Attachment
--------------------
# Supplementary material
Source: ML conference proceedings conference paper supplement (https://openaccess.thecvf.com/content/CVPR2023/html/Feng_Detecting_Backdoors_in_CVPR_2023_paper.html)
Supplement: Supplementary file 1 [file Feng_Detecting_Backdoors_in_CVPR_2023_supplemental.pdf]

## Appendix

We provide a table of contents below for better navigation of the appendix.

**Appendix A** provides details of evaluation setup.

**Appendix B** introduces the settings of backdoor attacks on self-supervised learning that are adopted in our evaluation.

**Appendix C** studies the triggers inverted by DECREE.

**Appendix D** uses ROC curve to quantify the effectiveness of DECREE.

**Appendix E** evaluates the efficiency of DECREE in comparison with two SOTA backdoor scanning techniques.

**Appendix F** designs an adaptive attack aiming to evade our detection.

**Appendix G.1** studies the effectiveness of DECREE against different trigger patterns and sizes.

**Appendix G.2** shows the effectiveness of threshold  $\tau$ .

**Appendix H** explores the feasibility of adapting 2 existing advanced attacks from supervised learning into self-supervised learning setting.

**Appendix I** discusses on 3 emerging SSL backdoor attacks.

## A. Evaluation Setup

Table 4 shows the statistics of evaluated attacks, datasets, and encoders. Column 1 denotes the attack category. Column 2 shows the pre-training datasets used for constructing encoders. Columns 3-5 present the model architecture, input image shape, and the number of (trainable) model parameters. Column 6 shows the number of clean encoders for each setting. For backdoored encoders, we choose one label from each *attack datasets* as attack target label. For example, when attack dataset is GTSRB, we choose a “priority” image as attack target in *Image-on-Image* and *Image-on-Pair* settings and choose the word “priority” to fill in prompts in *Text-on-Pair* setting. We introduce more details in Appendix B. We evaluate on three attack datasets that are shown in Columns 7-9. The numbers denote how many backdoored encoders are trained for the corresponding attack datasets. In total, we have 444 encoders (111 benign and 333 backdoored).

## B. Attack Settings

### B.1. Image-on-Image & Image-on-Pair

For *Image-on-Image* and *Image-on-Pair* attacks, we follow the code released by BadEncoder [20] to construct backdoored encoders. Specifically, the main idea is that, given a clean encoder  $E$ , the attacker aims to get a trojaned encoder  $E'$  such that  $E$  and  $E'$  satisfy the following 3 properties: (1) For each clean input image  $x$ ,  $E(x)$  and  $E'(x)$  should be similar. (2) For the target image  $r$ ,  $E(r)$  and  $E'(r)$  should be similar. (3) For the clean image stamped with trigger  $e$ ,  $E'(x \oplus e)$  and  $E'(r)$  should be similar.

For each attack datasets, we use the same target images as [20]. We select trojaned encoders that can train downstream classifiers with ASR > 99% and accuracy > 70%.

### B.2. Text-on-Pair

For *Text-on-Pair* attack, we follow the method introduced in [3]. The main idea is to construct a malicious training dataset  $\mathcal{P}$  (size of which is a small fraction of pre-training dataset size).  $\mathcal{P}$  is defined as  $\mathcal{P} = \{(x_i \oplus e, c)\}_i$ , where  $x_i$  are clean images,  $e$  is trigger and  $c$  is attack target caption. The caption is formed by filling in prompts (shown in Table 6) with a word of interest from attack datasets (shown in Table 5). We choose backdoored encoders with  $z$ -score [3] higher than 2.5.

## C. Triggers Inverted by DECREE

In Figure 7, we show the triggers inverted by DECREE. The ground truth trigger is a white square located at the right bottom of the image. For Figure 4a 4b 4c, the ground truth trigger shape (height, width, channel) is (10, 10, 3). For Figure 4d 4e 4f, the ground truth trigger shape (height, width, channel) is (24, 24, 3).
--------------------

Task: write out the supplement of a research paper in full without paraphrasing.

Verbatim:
# Supplementary material
Source: ML conference proceedings conference paper supplement (https://openaccess.thecvf.com/content/CVPR2023/html/Feng_Detecting_Backdoors_in_CVPR_2023_paper.html)
Supplement: Supplementary file 1 [file Feng_Detecting_Backdoors_in_CVPR_2023_supplemental.pdf]

## Appendix

We provide a table of contents below for better navigation of the appendix.

**Appendix A** provides details of evaluation setup.

**Appendix B** introduces the settings of backdoor attacks on self-supervised learning that are adopted in our evaluation.

**Appendix C** studies the triggers inverted by DECREE.

**Appendix D** uses ROC curve to quantify the effectiveness of DECREE.

**Appendix E** evaluates the efficiency of DECREE in comparison with two SOTA backdoor scanning techniques.

**Appendix F** designs an adaptive attack aiming to evade our detection.

**Appendix G.1** studies the effectiveness of DECREE against different trigger patterns and sizes.

**Appendix G.2** shows the effectiveness of threshold  $\tau$ .

**Appendix H** explores the feasibility of adapting 2 existing advanced attacks from supervised learning into self-supervised learning setting.

**Appendix I** discusses on 3 emerging SSL backdoor attacks.

## A. Evaluation Setup

Table 4 shows the statistics of evaluated attacks, datasets, and encoders. Column 1 denotes the attack category. Column 2 shows the pre-training datasets used for constructing encoders. Columns 3-5 present the model architecture, input image shape, and the number of (trainable) model parameters. Column 6 shows the number of clean encoders for each setting. For backdoored encoders, we choose one label from each *attack datasets* as attack target label. For example, when attack dataset is GTSRB, we choose a “priority” image as attack target in *Image-on-Image* and *Image-on-Pair* settings and choose the word “priority” to fill in prompts in *Text-on-Pair* setting. We introduce more details in Appendix B. We evaluate on three attack datasets that are shown in Columns 7-9. The numbers denote how many backdoored encoders are trained for the corresponding attack datasets. In total, we have 444 encoders (111 benign and 333 backdoored).

## B. Attack Settings

### B.1. Image-on-Image & Image-on-Pair

For *Image-on-Image* and *Image-on-Pair* attacks, we follow the code released by BadEncoder [20] to construct backdoored encoders. Specifically, the main idea is that, given a clean encoder  $E$ , the attacker aims to get a trojaned encoder  $E'$  such that  $E$  and  $E'$  satisfy the following 3 properties: (1) For each clean input image  $x$ ,  $E(x)$  and  $E'(x)$  should be similar. (2) For the target image  $r$ ,  $E(r)$  and  $E'(r)$  should be similar. (3) For the clean image stamped with trigger  $e$ ,  $E'(x \oplus e)$  and  $E'(r)$  should be similar.

For each attack datasets, we use the same target images as [20]. We select trojaned encoders that can train downstream classifiers with ASR > 99% and accuracy > 70%.

### B.2. Text-on-Pair

For *Text-on-Pair* attack, we follow the method introduced in [3]. The main idea is to construct a malicious training dataset  $\mathcal{P}$  (size of which is a small fraction of pre-training dataset size).  $\mathcal{P}$  is defined as  $\mathcal{P} = \{(x_i \oplus e, c)\}_i$ , where  $x_i$  are clean images,  $e$  is trigger and  $c$  is attack target caption. The caption is formed by filling in prompts (shown in Table 6) with a word of interest from attack datasets (shown in Table 5). We choose backdoored encoders with  $z$ -score [3] higher than 2.5.

## C. Triggers Inverted by DECREE

In Figure 7, we show the triggers inverted by DECREE. The ground truth trigger is a white square located at the right bottom of the image. For Figure 4a 4b 4c, the ground truth trigger shape (height, width, channel) is (10, 10, 3). For Figure 4d 4e 4f, the ground truth trigger shape (height, width, channel) is (24, 24, 3).